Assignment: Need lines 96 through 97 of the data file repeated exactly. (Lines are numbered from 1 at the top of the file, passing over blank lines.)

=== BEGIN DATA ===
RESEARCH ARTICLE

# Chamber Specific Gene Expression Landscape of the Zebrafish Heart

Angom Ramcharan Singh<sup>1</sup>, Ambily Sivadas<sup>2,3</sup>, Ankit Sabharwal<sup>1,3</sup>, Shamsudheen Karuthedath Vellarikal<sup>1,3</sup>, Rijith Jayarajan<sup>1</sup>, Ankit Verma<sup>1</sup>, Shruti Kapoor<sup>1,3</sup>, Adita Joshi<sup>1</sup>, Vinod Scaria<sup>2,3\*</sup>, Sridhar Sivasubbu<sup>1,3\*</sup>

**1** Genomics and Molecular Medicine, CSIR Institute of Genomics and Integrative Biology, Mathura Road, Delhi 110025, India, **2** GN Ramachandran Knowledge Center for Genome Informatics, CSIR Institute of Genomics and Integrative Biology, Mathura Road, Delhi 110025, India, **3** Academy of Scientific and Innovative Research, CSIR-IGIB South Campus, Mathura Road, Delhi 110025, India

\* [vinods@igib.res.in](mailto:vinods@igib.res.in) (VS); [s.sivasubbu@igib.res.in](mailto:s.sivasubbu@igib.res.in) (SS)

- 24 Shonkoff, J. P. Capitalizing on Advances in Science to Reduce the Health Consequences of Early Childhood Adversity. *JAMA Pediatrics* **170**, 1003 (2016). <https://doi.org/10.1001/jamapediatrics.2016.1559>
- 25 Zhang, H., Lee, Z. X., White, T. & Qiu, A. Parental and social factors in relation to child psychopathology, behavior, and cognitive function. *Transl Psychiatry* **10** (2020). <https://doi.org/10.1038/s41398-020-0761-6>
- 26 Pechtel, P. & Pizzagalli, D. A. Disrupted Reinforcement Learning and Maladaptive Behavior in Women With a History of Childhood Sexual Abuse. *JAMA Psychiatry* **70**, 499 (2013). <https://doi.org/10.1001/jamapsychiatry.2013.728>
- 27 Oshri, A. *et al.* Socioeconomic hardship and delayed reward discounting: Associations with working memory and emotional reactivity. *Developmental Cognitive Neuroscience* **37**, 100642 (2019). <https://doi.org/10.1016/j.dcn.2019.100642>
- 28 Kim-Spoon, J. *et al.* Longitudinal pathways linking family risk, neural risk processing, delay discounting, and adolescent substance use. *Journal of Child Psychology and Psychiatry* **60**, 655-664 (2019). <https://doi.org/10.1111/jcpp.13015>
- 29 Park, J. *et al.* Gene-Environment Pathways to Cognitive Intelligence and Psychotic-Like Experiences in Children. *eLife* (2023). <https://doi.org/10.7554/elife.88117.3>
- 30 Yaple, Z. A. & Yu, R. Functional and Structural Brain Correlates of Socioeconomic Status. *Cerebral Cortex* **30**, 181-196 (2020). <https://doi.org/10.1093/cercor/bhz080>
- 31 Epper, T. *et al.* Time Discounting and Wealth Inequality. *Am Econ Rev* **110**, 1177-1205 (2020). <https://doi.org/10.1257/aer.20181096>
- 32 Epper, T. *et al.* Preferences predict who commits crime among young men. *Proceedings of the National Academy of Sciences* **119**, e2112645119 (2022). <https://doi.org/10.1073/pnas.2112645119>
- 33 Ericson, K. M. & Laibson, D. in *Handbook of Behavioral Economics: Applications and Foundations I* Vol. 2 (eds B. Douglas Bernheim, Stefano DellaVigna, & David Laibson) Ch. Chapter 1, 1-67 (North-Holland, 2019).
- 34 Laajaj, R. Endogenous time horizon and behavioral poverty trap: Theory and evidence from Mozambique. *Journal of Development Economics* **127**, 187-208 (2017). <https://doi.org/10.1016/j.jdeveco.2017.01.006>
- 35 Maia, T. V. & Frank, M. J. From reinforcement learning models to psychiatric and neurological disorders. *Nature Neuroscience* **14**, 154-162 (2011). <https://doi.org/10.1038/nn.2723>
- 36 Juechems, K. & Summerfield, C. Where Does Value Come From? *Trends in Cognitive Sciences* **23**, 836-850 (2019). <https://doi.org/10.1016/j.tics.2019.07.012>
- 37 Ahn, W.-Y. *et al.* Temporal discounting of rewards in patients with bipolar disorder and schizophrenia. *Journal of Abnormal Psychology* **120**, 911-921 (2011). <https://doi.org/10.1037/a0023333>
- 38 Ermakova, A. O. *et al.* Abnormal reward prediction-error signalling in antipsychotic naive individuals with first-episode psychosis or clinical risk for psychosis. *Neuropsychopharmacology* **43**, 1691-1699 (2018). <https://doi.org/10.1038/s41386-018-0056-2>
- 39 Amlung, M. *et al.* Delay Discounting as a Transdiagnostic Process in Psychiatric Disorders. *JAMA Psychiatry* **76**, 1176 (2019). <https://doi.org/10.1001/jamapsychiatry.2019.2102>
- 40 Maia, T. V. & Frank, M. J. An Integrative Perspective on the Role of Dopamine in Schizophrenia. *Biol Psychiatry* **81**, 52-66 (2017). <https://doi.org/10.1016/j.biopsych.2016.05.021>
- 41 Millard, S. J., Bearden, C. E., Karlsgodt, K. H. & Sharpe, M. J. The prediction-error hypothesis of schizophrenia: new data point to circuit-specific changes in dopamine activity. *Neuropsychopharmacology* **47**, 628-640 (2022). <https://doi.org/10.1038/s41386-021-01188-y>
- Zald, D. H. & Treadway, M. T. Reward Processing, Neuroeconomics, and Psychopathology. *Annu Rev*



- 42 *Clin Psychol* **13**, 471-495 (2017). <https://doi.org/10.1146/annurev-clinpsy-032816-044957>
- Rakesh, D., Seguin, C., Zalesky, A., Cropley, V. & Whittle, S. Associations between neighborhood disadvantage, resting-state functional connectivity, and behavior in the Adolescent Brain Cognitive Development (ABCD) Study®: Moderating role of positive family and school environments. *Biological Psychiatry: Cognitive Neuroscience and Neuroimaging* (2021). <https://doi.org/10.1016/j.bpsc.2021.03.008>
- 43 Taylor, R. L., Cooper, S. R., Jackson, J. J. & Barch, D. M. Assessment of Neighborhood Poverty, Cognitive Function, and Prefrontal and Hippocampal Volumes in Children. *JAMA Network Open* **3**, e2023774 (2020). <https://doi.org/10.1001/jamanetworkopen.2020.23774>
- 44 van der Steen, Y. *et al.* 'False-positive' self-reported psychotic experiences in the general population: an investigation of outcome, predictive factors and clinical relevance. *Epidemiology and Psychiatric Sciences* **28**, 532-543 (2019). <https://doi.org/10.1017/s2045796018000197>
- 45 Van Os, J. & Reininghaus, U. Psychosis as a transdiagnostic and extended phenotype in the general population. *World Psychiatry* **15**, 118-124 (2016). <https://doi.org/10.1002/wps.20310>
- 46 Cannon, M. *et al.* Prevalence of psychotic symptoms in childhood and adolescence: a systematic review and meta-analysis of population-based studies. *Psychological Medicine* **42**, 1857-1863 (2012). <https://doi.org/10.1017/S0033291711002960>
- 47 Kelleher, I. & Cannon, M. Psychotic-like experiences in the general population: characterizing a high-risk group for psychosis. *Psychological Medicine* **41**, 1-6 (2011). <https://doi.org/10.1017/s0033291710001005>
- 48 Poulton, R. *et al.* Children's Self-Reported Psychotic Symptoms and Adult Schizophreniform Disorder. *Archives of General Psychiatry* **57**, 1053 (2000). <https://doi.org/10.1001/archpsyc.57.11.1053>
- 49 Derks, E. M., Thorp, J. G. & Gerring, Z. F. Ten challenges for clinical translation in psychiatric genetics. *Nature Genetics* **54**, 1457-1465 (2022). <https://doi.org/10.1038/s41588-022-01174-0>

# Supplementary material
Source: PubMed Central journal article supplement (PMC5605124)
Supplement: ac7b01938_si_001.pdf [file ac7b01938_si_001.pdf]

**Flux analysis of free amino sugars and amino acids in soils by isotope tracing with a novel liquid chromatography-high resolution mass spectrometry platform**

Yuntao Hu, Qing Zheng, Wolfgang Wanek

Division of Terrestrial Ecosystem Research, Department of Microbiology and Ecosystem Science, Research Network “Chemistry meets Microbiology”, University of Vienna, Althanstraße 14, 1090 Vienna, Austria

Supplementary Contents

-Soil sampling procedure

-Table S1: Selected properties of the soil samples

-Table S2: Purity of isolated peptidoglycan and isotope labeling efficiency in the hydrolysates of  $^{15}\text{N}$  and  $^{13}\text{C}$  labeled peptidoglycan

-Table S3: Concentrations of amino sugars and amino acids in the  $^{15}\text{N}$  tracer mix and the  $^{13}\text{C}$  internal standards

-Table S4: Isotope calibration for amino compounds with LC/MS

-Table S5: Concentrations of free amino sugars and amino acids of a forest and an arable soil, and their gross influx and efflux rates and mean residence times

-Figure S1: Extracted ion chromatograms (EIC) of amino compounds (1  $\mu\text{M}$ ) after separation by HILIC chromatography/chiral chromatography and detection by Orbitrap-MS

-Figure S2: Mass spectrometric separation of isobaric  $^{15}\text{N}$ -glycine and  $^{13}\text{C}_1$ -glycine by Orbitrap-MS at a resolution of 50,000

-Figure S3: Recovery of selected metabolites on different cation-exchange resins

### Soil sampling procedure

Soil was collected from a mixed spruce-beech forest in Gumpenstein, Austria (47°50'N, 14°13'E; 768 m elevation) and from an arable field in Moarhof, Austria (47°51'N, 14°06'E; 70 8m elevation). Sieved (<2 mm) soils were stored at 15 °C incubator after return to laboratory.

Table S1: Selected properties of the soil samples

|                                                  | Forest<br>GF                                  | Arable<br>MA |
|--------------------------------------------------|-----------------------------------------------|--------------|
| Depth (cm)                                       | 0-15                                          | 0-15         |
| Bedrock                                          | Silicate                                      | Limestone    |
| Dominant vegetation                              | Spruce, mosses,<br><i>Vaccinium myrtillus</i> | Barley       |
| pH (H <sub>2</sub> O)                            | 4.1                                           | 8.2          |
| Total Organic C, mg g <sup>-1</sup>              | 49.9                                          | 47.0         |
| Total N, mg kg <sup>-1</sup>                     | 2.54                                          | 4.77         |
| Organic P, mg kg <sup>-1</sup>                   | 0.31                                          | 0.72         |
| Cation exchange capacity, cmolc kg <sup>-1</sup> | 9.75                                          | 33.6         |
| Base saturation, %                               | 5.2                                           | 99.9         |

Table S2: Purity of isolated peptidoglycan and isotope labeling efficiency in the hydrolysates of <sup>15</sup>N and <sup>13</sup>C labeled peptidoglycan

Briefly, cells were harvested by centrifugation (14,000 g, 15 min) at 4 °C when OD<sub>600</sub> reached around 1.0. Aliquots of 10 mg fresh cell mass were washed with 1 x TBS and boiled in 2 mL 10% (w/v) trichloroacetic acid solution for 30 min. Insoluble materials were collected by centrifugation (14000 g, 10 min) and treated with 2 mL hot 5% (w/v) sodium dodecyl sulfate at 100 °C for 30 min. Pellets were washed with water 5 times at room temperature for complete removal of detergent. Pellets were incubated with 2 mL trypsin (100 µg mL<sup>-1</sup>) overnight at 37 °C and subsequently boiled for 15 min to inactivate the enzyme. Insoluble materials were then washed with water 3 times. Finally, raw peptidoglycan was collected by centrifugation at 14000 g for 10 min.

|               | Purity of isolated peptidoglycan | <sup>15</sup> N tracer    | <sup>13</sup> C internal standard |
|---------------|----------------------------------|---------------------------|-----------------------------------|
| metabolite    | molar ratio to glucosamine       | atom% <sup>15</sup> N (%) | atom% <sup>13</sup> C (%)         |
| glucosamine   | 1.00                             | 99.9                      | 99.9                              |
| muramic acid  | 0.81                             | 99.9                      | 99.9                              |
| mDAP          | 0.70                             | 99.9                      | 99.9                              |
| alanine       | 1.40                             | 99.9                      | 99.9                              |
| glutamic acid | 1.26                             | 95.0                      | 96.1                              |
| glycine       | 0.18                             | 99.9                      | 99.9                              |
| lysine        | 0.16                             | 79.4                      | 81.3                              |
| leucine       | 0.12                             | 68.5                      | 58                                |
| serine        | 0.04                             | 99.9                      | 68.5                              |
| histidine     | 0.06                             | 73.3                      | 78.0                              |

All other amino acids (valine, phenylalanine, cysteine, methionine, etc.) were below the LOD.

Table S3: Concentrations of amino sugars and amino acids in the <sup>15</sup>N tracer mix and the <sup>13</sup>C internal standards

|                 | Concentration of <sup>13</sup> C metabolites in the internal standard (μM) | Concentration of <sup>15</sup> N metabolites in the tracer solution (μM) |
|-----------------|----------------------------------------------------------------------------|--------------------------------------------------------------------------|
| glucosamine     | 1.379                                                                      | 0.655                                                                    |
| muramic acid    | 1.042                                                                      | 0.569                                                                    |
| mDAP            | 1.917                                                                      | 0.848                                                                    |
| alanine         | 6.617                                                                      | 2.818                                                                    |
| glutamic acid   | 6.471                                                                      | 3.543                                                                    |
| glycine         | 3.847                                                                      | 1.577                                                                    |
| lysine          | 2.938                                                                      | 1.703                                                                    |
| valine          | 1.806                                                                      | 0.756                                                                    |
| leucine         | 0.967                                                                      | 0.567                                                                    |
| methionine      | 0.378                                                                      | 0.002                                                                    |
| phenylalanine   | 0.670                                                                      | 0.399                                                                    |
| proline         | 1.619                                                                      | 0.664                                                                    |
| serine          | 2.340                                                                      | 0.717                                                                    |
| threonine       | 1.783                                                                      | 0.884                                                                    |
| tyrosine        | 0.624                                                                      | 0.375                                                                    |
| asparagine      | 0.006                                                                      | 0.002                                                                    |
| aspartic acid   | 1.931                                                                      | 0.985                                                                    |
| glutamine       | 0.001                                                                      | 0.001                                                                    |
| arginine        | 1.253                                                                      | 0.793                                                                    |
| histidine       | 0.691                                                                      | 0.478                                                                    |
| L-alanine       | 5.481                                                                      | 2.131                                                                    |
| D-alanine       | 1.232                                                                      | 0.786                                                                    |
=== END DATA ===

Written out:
| threonine       | 1.783                                                                      | 0.884                                                                    |
| tyrosine        | 0.624                                                                      | 0.375                                                                    |